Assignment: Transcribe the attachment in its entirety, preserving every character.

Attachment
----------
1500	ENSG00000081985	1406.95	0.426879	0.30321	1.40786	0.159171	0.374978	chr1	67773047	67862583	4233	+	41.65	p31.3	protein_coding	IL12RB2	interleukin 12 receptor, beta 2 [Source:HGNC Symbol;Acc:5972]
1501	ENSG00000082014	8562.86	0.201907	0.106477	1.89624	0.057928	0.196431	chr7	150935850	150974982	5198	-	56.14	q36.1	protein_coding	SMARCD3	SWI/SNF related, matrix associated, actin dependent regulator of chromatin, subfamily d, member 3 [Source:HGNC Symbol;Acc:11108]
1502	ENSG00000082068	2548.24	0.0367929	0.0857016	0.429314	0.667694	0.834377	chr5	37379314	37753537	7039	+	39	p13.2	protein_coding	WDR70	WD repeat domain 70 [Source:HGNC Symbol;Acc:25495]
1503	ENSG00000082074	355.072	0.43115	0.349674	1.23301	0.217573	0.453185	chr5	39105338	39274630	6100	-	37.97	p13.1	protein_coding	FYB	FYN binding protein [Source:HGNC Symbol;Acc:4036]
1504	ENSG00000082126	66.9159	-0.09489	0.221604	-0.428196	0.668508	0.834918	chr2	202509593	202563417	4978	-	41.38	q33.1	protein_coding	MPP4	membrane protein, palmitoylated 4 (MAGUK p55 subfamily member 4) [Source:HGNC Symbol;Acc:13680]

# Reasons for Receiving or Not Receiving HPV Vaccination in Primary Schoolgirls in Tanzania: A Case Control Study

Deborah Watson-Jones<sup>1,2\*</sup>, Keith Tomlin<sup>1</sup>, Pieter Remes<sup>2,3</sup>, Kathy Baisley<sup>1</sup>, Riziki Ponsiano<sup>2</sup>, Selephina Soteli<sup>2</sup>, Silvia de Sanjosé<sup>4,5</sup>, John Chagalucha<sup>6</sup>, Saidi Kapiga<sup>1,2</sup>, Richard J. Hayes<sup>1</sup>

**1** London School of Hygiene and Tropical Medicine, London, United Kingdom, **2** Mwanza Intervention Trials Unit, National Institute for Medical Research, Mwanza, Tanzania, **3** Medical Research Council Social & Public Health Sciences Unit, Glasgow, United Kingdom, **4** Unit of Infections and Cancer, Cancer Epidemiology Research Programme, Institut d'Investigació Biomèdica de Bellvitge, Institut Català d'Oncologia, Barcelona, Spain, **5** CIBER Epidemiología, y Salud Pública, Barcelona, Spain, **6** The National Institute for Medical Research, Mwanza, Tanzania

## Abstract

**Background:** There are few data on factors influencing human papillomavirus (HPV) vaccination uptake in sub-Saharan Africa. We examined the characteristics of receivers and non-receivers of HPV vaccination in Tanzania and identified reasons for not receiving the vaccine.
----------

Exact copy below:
1500	ENSG00000081985	1406.95	0.426879	0.30321	1.40786	0.159171	0.374978	chr1	67773047	67862583	4233	+	41.65	p31.3	protein_coding	IL12RB2	interleukin 12 receptor, beta 2 [Source:HGNC Symbol;Acc:5972]
1501	ENSG00000082014	8562.86	0.201907	0.106477	1.89624	0.057928	0.196431	chr7	150935850	150974982	5198	-	56.14	q36.1	protein_coding	SMARCD3	SWI/SNF related, matrix associated, actin dependent regulator of chromatin, subfamily d, member 3 [Source:HGNC Symbol;Acc:11108]
1502	ENSG00000082068	2548.24	0.0367929	0.0857016	0.429314	0.667694	0.834377	chr5	37379314	37753537	7039	+	39	p13.2	protein_coding	WDR70	WD repeat domain 70 [Source:HGNC Symbol;Acc:25495]
1503	ENSG00000082074	355.072	0.43115	0.349674	1.23301	0.217573	0.453185	chr5	39105338	39274630	6100	-	37.97	p13.1	protein_coding	FYB	FYN binding protein [Source:HGNC Symbol;Acc:4036]
1504	ENSG00000082126	66.9159	-0.09489	0.221604	-0.428196	0.668508	0.834918	chr2	202509593	202563417	4978	-	41.38	q33.1	protein_coding	MPP4	membrane protein, palmitoylated 4 (MAGUK p55 subfamily member 4) [Source:HGNC Symbol;Acc:13680]

# Reasons for Receiving or Not Receiving HPV Vaccination in Primary Schoolgirls in Tanzania: A Case Control Study

Deborah Watson-Jones<sup>1,2\*</sup>, Keith Tomlin<sup>1</sup>, Pieter Remes<sup>2,3</sup>, Kathy Baisley<sup>1</sup>, Riziki Ponsiano<sup>2</sup>, Selephina Soteli<sup>2</sup>, Silvia de Sanjosé<sup>4,5</sup>, John Chagalucha<sup>6</sup>, Saidi Kapiga<sup>1,2</sup>, Richard J. Hayes<sup>1</sup>

**1** London School of Hygiene and Tropical Medicine, London, United Kingdom, **2** Mwanza Intervention Trials Unit, National Institute for Medical Research, Mwanza, Tanzania, **3** Medical Research Council Social & Public Health Sciences Unit, Glasgow, United Kingdom, **4** Unit of Infections and Cancer, Cancer Epidemiology Research Programme, Institut d'Investigació Biomèdica de Bellvitge, Institut Català d'Oncologia, Barcelona, Spain, **5** CIBER Epidemiología, y Salud Pública, Barcelona, Spain, **6** The National Institute for Medical Research, Mwanza, Tanzania

## Abstract

**Background:** There are few data on factors influencing human papillomavirus (HPV) vaccination uptake in sub-Saharan Africa. We examined the characteristics of receivers and non-receivers of HPV vaccination in Tanzania and identified reasons for not receiving the vaccine.